Because of the temperature and humidity in Kauai, it was necessary to use ventilated cabinets. However, equipment is plagued by damage due to those “cute but pesky” geckos that are so prevalent in Kauai. Geckos find equipment cabinets to be an irresistible habitat, and they are capable of entering through very small openings. Almost every electrical cabinet that Timberline entered during field investigation contained geckos and their “droppings,” both of which cause problems to the components in the cabinets. The solution to the gecko problem was to specify cabinets with tight fitting, gasketed doors with multi-point rolling latches and ventilation louvers with filters and stainless steel insect cloth. The result is cabinets that have proven to be generally free of gecko infestation.

Communications Across Rugged Terrain

Kauai’s rugged terrain required a sophisticated application of radio and wired telemetry. Generally, SCADA systems communicate between master and remotes over multiple address system (MAS) radio. Photosim of Monopole at Princeville Tank In a typical system, the master station will communicate to all the remote sites over one or two MAS master radios situated to provide coverage over the entire system. In the case of Kauai, Timberline performed detailed radio path analysis followed by on-site radio testing to allocate the 19 hydraulic zones to nine submasters, each equipped with spread-spectrum MAS masters. In addition, four spread-spectrum end-link repeaters were needed to extend coverage to 11 outlying RTUs, and three of the sites required leased telephone service; two because their remoteness made radio communication impractical and one because of its proximity to an explosives storage, where radio transmissions were prohibited.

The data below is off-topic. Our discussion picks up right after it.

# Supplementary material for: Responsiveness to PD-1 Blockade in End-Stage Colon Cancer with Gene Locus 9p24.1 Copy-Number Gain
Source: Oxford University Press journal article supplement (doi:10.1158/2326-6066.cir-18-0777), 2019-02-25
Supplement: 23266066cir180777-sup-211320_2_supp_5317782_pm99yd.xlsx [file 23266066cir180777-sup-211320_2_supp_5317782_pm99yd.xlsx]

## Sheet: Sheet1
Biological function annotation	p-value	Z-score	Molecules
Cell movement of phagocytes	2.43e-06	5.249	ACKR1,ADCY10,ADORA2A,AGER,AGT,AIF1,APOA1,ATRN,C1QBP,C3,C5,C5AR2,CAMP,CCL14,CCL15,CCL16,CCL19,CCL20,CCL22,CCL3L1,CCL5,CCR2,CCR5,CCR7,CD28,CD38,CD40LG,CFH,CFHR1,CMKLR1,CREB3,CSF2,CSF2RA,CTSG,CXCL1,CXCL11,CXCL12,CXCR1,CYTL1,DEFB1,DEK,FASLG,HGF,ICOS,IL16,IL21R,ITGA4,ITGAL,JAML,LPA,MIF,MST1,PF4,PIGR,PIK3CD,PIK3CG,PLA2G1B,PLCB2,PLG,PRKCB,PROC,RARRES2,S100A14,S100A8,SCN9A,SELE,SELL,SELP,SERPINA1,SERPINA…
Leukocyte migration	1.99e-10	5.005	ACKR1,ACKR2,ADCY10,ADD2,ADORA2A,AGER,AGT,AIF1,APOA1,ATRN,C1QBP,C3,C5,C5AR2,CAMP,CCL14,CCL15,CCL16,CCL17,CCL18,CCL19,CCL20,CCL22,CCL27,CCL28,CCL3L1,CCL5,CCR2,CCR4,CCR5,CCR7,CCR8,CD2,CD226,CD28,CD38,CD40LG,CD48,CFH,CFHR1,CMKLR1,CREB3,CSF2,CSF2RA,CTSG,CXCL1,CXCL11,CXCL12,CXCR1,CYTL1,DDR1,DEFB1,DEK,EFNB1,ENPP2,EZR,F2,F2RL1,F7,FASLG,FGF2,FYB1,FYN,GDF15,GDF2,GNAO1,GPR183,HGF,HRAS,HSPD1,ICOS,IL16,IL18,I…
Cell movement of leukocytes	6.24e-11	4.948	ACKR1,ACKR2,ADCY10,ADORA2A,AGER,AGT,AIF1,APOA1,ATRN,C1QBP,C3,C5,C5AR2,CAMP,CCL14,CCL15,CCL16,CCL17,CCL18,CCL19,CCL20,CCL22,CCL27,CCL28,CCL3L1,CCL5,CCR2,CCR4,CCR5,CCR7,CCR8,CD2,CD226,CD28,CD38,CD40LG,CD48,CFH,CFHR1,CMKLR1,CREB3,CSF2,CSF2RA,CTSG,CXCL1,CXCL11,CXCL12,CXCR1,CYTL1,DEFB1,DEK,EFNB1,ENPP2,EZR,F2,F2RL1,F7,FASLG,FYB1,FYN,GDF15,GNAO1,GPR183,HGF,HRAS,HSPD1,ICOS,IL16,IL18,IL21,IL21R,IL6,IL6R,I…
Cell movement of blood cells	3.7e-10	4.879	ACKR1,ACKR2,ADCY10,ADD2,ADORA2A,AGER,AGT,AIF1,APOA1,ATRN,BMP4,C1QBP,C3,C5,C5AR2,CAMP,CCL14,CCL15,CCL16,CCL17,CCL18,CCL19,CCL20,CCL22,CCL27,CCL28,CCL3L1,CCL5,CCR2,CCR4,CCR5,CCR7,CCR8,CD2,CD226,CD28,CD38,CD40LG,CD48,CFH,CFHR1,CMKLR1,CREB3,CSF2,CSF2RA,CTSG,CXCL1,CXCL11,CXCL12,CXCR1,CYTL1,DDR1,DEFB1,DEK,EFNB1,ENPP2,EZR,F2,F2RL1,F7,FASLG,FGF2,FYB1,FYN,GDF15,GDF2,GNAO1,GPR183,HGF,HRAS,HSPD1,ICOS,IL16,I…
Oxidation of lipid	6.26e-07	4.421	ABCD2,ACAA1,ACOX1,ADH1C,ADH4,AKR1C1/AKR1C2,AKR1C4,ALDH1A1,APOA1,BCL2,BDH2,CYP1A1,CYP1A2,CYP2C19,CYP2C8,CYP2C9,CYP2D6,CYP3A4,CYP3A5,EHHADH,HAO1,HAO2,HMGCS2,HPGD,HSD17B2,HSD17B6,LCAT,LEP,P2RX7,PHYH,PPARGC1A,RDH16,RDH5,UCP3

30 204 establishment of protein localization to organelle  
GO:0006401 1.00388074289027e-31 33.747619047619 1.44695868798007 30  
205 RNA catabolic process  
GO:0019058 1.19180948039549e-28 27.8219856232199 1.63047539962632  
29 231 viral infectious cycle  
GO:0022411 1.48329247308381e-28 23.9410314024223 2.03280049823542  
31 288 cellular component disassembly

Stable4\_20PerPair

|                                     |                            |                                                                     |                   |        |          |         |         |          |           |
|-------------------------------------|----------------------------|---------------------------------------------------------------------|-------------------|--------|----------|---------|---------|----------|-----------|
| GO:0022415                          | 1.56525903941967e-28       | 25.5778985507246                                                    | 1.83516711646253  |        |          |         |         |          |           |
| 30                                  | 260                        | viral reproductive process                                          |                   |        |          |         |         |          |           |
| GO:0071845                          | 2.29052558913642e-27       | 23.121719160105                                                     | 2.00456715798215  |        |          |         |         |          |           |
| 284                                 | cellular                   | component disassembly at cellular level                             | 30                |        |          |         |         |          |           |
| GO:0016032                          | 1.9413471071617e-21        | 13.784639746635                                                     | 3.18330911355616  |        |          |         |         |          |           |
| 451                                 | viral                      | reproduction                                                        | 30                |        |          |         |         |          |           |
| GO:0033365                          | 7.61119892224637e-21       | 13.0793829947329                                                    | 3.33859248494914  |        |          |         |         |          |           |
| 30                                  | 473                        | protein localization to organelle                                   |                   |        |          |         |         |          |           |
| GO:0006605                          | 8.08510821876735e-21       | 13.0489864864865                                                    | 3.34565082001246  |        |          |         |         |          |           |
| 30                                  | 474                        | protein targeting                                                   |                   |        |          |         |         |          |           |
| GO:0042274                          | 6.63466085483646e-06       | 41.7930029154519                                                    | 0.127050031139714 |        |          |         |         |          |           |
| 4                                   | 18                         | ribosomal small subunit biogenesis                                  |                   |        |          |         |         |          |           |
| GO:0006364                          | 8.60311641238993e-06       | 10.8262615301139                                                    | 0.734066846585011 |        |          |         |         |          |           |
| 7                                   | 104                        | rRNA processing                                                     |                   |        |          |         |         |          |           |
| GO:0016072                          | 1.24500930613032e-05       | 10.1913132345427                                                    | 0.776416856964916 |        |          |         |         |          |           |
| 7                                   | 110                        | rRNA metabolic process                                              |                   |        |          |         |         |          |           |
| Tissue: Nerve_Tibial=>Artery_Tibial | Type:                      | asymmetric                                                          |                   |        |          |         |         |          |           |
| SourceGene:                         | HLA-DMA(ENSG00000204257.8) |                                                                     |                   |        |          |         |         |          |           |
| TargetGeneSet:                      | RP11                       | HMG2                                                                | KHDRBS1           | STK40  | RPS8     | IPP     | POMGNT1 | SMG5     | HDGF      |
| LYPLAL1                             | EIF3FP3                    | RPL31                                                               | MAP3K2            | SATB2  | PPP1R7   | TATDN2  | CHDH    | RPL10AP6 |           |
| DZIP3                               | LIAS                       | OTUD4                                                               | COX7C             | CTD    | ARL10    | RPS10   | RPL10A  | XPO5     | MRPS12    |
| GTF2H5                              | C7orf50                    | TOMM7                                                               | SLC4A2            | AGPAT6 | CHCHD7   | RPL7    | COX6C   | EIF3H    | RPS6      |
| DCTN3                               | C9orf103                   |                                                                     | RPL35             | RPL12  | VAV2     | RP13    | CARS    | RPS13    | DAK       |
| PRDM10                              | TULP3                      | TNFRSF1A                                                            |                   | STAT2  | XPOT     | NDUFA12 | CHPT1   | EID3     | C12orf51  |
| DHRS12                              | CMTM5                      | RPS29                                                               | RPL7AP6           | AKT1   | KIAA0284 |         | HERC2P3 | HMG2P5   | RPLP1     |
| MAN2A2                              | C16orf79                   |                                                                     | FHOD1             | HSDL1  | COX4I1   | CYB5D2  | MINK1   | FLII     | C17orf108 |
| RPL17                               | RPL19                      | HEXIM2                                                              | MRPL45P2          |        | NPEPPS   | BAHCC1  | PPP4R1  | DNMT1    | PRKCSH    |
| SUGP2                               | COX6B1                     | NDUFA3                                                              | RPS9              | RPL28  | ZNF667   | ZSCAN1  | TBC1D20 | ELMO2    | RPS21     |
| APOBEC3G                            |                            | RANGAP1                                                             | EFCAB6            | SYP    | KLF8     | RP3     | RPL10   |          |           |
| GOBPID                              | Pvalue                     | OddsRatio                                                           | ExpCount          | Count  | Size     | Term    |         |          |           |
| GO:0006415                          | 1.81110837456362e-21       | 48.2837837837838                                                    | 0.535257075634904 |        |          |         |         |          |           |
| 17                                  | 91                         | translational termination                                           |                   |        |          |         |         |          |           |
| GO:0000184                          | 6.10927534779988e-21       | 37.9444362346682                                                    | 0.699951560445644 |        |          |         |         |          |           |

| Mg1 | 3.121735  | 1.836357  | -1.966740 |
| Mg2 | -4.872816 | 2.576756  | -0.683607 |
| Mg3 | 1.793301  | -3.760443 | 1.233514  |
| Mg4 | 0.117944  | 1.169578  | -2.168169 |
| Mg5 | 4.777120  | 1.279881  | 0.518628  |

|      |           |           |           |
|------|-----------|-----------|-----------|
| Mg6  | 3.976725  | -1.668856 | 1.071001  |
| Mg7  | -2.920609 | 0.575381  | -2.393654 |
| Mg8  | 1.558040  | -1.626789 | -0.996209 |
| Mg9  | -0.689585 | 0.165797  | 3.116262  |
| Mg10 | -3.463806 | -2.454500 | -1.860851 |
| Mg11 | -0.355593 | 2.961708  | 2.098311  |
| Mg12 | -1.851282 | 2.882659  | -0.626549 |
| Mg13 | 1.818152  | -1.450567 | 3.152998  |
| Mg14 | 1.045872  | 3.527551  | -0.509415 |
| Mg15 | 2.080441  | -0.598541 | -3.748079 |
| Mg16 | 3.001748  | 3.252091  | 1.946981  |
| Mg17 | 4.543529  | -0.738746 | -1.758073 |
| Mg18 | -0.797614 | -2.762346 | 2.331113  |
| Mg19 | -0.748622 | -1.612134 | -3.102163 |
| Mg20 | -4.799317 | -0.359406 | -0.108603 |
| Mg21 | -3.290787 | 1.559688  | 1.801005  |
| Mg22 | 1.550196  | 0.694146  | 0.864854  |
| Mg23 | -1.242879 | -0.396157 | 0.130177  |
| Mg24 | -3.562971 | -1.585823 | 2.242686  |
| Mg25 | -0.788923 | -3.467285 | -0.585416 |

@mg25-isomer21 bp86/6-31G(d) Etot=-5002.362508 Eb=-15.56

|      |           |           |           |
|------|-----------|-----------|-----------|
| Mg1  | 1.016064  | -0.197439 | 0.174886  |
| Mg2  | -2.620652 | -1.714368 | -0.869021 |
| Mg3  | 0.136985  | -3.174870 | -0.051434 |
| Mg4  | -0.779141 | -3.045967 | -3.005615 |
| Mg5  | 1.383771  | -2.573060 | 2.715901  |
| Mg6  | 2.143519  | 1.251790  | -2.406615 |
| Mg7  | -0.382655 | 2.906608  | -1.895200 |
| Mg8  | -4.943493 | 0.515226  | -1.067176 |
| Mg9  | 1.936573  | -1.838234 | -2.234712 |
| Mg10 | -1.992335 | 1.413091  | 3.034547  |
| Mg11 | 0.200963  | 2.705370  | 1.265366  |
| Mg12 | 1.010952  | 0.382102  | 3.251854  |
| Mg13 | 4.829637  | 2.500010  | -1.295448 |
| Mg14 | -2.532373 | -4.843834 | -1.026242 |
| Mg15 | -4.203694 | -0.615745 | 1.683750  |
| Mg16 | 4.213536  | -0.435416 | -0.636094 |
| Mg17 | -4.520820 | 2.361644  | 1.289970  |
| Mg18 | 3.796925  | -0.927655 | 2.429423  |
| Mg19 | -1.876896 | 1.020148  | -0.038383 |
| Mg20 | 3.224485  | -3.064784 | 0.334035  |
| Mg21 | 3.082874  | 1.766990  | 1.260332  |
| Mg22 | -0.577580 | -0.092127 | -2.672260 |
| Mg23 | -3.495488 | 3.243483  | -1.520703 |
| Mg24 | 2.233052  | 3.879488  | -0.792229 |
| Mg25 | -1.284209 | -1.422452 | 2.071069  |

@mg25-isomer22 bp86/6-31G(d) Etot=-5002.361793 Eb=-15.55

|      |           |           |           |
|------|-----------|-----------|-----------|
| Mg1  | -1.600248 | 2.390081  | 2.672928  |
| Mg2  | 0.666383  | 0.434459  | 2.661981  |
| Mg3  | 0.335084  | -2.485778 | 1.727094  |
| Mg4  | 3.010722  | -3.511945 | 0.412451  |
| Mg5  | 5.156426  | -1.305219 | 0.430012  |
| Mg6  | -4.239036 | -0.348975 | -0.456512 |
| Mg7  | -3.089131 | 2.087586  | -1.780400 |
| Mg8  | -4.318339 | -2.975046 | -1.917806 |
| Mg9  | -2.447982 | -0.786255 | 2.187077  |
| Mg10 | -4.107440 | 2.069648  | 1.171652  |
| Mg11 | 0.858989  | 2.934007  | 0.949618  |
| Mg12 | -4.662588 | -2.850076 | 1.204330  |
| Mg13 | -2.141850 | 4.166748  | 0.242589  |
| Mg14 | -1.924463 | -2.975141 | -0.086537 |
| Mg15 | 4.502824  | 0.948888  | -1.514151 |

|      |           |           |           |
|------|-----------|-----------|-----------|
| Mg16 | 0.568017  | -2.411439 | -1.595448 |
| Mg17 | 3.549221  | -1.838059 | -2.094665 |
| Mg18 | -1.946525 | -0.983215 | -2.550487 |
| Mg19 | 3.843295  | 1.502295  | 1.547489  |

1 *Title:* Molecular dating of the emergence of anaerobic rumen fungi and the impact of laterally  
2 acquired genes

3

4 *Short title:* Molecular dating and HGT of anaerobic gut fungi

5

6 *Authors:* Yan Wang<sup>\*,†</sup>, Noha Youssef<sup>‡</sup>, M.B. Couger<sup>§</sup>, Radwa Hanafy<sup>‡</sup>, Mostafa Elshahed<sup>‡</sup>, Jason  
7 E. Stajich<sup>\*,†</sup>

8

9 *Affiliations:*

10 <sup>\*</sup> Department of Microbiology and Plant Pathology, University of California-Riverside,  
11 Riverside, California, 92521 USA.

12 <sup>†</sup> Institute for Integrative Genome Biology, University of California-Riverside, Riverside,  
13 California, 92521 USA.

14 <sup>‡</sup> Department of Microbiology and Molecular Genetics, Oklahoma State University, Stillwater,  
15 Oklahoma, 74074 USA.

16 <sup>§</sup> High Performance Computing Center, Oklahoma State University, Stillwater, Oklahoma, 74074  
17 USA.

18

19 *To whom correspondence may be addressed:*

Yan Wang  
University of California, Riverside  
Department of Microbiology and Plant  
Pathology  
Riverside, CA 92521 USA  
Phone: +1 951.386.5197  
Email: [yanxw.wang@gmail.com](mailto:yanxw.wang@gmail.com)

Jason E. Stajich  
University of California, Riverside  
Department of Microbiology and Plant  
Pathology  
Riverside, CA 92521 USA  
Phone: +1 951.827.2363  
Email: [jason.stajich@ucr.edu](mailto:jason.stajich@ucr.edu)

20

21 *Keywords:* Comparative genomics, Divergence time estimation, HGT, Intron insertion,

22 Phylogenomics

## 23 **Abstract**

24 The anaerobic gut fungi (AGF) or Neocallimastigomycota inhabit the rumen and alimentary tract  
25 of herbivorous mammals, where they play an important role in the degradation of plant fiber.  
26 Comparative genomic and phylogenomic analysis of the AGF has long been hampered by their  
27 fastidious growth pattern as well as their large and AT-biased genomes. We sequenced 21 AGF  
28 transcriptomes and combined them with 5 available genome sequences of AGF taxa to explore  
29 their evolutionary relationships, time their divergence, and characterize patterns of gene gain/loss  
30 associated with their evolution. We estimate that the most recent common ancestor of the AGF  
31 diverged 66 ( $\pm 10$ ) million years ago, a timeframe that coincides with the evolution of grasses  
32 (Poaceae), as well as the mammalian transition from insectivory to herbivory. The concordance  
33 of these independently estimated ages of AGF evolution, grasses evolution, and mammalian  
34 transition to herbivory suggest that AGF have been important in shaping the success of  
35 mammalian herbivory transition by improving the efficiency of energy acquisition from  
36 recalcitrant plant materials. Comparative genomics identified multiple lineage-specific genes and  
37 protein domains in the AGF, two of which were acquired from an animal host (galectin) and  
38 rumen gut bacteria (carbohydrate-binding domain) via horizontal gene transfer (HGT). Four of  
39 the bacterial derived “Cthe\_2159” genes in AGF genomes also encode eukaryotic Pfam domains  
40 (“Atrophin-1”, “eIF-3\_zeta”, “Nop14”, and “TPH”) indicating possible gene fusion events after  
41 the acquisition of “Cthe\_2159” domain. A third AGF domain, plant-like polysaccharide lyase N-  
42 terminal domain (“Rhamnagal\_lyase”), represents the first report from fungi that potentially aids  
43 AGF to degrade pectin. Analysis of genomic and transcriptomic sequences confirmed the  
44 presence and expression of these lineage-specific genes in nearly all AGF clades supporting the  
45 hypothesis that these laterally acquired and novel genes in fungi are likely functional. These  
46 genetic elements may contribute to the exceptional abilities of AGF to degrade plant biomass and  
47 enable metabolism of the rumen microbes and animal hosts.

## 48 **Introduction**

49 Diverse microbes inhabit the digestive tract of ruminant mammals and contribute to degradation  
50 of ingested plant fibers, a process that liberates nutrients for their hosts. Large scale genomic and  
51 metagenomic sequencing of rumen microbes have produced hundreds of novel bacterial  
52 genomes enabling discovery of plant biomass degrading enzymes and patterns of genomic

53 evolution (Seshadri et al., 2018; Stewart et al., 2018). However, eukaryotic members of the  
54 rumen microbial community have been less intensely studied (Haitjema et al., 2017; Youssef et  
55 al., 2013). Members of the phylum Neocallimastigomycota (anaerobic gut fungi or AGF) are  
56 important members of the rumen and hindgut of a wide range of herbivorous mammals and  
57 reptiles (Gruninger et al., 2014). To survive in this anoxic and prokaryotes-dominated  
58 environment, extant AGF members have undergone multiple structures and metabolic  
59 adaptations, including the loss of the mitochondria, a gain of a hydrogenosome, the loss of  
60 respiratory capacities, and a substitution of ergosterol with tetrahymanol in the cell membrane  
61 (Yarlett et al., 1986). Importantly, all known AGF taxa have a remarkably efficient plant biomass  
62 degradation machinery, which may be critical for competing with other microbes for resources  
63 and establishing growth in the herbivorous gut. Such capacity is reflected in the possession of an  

In addition to rigid-galvanized-steel (RGS) conduit antenna masts at most project sites, the radio system also required the installation of four monopoles ranging in height from 40 to 100 feet. For use in the permitting process and discussions with the public about project impact, Timberline prepared photosimulations for each of the monopole sites and some representative RGS antenna mast sites.

Communicating Alarms to a Mobile Workforce

The nature of KDOW’s workforce required sophisticated, flexible interfaces to the SCADA system. KDOW did not want a system requiring personnel to monitor SCADA screens on a 24/7 basis, as their existing operation staff works a standard Monday-Friday day-time schedule and are often located far from the main offices where the SCADA master station is located. Therefore, it was important that the SCADA system be able to deliver alarm information on a 24/7 basis to the operation staff, regardless of their location, in a clear, efficient manner. Furthermore, the maintenance staff has varying levels of technological sophistication, so a solution was needed that would work for everyone.

Timberline’s solution to this issue is a SCADA system that can analyze an alarm and contact the appropriate person (based on area of responsibility, time of day, and day of week), by the method that is most convenient for that person. Choices include voice synthesized telephone calls, e-mailed text messages, and pager messages. In addition, when a maintenance person receives an alarm message, he can call the SCADA system from a land-based or cellular telephone and interrogate it for more detail or log on to the SCADA system from his office, home, or mobile computer to look at the system in detail before responding to the alarm. This approach used sophisticated technology to make operation of the system readily accessible and remarkably transparent (given the complexity of the system) to KDOW’s mobile workforce.